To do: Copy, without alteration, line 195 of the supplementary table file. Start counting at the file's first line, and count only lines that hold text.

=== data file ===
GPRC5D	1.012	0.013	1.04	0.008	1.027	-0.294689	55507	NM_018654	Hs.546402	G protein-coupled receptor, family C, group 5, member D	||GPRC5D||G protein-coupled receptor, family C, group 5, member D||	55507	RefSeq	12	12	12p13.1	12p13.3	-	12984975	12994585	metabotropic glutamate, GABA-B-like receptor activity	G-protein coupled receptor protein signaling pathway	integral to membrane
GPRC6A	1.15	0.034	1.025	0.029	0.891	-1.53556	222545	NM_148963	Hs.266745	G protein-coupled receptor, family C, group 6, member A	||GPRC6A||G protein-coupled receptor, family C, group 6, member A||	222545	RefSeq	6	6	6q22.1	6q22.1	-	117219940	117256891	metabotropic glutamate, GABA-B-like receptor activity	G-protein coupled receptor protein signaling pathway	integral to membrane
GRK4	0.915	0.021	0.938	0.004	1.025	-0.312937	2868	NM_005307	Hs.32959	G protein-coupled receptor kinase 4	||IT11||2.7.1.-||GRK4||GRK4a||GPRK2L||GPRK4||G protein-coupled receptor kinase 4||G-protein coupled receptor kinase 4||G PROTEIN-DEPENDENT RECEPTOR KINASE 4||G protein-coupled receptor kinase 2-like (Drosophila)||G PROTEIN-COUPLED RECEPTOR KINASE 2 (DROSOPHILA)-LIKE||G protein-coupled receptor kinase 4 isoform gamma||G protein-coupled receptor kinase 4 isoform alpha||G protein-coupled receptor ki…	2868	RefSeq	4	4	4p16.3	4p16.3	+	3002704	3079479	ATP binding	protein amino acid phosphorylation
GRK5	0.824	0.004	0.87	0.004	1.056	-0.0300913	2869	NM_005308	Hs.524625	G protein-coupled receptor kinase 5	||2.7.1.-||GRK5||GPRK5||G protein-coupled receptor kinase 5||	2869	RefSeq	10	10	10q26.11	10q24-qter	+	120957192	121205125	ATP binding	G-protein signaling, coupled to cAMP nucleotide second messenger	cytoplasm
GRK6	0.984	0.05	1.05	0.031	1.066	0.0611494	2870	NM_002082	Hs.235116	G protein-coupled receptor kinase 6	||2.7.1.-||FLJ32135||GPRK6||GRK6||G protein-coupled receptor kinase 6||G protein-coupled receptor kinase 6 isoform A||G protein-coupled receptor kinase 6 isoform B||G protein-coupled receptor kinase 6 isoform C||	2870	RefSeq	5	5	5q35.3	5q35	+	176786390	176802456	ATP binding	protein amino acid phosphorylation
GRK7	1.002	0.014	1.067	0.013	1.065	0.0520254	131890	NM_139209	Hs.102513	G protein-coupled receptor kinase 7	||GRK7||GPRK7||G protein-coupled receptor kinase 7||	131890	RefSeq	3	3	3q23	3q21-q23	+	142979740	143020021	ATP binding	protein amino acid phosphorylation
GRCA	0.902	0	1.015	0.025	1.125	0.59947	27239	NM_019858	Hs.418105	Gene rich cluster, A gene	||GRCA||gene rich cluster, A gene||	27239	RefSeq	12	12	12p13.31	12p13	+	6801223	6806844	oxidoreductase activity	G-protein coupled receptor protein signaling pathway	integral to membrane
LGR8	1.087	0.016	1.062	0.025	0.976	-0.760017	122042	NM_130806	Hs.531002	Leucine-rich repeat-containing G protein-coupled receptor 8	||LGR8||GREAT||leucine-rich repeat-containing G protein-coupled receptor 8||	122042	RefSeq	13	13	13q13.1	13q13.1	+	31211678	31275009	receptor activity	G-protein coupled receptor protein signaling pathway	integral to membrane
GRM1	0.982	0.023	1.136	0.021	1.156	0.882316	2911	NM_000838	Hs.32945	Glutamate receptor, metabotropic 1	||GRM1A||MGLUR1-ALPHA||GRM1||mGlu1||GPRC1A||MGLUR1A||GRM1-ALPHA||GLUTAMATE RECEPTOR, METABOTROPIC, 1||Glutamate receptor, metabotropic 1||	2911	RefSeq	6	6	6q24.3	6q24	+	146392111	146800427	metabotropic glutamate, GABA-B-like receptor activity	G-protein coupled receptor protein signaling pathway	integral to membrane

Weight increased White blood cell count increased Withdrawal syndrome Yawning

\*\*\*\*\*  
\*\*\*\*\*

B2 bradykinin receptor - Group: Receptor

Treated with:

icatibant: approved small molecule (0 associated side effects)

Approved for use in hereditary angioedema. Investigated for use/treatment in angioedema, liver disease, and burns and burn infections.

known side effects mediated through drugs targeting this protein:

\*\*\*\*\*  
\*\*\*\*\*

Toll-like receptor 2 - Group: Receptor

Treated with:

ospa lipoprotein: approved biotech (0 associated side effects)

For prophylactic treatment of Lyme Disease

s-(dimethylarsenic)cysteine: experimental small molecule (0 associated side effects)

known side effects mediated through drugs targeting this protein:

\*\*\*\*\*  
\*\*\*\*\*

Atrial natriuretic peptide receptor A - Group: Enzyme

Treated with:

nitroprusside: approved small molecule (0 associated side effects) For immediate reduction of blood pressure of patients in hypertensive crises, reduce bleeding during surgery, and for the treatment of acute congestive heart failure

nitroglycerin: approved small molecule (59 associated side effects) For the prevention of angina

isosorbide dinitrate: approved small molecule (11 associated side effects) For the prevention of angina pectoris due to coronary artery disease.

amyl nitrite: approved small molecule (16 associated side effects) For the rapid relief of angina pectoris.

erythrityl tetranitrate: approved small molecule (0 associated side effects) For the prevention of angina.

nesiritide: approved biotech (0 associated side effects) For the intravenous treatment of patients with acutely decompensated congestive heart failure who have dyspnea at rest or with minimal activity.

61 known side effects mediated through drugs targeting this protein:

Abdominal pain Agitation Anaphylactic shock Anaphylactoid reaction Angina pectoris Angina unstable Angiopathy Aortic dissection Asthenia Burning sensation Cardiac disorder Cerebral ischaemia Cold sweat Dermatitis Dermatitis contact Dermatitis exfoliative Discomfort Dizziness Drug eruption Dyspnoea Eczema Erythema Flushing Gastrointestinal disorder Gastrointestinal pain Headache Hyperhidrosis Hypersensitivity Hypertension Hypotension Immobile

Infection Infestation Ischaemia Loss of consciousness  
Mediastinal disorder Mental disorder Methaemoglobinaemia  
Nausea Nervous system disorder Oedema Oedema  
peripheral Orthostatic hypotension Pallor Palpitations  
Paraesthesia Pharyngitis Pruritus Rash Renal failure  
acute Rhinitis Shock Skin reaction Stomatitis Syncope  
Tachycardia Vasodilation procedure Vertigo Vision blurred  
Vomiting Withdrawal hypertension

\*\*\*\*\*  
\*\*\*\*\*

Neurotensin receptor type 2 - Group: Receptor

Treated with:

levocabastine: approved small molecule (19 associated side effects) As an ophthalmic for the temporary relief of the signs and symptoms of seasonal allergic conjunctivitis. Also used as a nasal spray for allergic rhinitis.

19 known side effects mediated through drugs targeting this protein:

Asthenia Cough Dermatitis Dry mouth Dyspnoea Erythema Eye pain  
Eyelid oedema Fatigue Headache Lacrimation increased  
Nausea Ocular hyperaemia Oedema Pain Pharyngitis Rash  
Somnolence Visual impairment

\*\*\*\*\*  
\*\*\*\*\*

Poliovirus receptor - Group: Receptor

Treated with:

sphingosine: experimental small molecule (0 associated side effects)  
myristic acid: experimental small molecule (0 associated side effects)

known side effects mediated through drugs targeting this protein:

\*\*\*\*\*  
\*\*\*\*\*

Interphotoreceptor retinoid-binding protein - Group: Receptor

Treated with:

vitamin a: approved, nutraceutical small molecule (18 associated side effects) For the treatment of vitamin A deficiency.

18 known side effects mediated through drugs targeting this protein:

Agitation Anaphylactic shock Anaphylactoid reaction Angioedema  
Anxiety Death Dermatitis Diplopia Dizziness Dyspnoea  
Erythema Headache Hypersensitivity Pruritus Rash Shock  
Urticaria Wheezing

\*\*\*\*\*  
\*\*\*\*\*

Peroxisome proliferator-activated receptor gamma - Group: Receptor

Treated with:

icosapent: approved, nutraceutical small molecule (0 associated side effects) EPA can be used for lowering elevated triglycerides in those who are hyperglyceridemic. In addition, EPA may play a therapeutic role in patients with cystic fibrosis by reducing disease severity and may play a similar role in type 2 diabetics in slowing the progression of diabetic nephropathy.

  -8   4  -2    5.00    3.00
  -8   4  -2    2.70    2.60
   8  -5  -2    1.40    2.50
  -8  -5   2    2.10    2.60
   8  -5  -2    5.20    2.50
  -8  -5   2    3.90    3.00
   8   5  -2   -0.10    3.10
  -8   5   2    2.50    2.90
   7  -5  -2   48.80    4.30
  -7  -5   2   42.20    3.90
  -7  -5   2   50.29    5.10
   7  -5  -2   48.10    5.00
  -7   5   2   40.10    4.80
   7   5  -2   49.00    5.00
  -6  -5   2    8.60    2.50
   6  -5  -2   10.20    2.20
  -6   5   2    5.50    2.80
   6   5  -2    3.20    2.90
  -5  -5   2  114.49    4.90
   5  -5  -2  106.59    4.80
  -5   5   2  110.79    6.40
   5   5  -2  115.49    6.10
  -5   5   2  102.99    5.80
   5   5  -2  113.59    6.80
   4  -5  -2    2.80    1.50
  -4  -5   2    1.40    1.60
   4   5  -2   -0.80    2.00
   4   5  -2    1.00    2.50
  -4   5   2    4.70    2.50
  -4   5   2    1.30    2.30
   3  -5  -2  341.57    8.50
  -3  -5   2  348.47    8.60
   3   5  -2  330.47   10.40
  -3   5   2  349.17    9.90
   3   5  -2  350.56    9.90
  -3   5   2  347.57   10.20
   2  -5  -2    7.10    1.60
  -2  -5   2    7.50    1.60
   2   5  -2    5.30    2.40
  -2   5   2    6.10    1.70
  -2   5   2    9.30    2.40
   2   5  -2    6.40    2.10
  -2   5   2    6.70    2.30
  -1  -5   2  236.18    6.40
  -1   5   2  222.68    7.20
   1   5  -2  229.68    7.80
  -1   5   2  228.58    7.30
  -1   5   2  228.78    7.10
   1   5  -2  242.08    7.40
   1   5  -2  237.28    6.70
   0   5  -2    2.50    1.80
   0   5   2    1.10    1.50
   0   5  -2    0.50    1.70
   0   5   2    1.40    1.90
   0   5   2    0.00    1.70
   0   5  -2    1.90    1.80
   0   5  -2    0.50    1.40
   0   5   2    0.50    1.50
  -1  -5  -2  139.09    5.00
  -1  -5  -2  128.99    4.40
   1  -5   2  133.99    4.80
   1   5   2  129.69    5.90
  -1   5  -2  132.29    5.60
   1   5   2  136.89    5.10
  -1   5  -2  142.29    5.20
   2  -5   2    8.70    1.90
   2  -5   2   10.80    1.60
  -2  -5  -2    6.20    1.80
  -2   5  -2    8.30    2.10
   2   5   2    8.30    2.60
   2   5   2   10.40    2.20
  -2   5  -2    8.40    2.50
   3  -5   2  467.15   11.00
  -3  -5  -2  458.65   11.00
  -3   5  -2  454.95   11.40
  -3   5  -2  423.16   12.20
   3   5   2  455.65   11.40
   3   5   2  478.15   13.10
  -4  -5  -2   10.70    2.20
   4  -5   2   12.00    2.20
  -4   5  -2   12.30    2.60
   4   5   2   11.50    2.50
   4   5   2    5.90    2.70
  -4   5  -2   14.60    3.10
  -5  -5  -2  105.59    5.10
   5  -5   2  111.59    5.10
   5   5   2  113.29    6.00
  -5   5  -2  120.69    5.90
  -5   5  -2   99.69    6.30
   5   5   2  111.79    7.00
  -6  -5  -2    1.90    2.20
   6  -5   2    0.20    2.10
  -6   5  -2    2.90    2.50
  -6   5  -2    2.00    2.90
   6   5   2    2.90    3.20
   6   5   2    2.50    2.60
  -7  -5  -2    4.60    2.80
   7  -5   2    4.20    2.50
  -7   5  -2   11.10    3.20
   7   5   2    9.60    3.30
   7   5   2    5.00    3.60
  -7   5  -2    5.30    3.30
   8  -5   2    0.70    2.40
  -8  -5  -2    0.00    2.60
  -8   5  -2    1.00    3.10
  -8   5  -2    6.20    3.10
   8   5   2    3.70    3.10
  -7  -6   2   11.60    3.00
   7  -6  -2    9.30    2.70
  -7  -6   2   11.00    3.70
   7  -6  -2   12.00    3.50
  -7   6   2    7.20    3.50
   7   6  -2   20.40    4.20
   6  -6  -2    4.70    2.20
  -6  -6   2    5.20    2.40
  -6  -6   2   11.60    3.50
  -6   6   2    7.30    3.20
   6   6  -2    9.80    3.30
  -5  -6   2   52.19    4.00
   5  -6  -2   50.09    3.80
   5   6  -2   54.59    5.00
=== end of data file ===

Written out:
   6   6  -2    9.80    3.30